Jefferies Considers Proposed Trading Tax in Eurozone (NYX) (NDAQ) (ICE) (CME)

August 17, 2011 2:02 PM EDT
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Next month, leaders from France and Germany are scheduled to propose a tax on financial transactions to European Union members.

An analyst at Jefferies discussed the implications: "The proposal is a strong headwind for exchanges that derive significant revenues from within member countries as it would negatively impact trading volumes."

Exact details have not yet been released, but it seems the tax would be applied to the transaction based on the home country of the seller and not the trading jurisdiction. Items such as bonds, equities, options, futures, and derivatives will all be subject to the tax while currency trading will most likely not be.

Jefferies highlights that NYSE Euronext (NYSE: NYX) has the most revenue exposure to Europe with roughly 50 percent of its total sales coming from there. CBOE currently has none. Other U.S. based exchanges with revenue exposure include IntercontinentalExchange (NYSE: ICE) with 35-45 percent, Nasdaq (Nasdaq: NDAQ) with 15-20 percent, and CME (NYSE: CME) with 5-10 percent exposure.

It has not yet been specified if the tax will apply across all Eurozone member nations or the larger European Union. Jefferies notes if the U.K. is not included, ICE’s revenue exposure would fall to less than 15 percent. If Sweden and Denmark were not included, then Nasdaq's revenue exposure would be less than 10 percent.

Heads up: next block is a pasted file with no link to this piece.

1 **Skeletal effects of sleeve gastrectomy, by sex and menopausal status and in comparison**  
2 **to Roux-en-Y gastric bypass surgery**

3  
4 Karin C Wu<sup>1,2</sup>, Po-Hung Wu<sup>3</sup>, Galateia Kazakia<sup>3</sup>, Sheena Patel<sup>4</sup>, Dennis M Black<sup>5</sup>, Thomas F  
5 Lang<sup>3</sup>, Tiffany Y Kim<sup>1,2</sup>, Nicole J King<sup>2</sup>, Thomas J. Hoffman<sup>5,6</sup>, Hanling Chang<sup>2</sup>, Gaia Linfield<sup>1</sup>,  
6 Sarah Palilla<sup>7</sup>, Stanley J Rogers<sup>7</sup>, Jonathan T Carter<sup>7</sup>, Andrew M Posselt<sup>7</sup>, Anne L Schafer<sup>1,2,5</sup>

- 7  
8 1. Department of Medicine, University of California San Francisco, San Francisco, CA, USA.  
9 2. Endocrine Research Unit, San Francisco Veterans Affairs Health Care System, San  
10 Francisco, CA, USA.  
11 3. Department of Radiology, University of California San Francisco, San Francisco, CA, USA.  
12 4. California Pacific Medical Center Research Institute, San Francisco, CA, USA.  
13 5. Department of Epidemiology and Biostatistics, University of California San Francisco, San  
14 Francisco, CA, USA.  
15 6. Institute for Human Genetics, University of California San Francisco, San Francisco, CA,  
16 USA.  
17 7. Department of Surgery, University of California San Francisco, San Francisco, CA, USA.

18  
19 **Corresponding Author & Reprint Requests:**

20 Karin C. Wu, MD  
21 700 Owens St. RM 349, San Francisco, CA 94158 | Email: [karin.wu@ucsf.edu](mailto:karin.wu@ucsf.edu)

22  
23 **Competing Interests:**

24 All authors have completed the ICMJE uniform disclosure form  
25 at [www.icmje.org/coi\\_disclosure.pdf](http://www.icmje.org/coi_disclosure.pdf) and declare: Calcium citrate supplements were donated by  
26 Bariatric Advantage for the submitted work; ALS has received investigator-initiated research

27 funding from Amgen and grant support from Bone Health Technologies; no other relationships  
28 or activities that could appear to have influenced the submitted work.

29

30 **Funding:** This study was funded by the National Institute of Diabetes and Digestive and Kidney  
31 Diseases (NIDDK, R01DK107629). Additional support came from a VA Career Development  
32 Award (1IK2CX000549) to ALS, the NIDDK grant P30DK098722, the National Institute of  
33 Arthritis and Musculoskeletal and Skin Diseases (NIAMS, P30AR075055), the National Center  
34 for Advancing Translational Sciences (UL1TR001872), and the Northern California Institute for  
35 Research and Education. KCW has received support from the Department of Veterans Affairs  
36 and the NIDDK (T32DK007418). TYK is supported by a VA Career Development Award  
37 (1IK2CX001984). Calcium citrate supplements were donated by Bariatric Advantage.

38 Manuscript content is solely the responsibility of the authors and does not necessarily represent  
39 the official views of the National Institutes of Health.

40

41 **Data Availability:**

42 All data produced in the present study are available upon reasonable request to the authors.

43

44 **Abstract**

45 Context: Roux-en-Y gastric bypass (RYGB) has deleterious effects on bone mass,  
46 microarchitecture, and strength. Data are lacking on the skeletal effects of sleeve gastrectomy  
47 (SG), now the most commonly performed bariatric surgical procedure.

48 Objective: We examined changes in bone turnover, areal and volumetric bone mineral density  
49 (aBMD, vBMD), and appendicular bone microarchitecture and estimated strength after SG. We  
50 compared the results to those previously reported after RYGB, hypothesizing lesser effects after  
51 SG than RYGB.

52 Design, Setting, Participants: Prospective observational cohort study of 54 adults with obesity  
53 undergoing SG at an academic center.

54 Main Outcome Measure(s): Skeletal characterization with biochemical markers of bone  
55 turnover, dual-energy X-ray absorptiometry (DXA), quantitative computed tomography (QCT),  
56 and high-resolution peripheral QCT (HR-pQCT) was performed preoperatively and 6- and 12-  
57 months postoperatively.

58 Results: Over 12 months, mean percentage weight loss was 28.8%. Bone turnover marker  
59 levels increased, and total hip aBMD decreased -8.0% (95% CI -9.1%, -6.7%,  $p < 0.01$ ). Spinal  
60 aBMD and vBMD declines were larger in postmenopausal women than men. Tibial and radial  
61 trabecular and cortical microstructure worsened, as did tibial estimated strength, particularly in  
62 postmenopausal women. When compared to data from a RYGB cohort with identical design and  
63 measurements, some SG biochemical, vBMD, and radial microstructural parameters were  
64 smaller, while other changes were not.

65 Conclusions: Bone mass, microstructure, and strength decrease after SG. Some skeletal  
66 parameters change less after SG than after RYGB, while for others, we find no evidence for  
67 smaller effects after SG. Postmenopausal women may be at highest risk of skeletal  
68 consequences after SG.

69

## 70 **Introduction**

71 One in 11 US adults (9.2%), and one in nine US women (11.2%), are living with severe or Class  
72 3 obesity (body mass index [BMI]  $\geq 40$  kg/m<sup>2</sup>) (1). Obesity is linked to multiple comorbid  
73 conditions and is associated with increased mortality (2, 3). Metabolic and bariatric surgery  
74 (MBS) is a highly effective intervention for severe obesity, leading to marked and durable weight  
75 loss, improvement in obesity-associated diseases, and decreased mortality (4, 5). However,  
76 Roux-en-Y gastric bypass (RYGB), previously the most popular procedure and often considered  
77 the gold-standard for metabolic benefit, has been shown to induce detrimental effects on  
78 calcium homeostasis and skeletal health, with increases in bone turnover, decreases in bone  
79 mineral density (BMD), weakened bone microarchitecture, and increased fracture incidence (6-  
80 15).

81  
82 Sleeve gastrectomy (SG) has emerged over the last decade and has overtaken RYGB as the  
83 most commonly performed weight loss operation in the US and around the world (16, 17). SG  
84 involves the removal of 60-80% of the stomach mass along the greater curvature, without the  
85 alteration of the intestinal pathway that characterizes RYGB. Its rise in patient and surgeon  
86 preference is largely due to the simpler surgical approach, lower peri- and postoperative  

Jefferies sees a severe 20 percent decrease in 2012 Eurozone-originated volumes for the NYSE Euronext, ICE, Nasdaq and CME. Assuming Jefferies' model of Eurozone volume declines, the impact on ICE, Nasdaq, and CME is around 1-2 percent each, well below the 6-8 percent decline estimated for the NYSE Euronext. If the tax falls over the entire European Union, the impact on ICE and Nasdaq's 2012 earnings would be slightly larger at 3-5 percent and 2-4 percent, respectively.

Jefferies points out that a tax like this has been proposed in the past but did not earn much respect as times were not as bad as they currently are. Jefferies feels the outcome may be different this time around. In the past, the U.K. has objected to such a tax, saying it prefers more global coordination versus unilateral action.

Jefferies believes "a European Union wide tax would have to be ratified by all 27 member states, including the UK. If adopted, the proposed tax would place the member countries at a competitive disadvantage versus the rest of the world. A similar tax was proposed in the US earlier this year but was quickly dropped before it could gain any momentum. We estimate the likelihood of a tax being introduced in the US as limited given the strong opposition when first announced."

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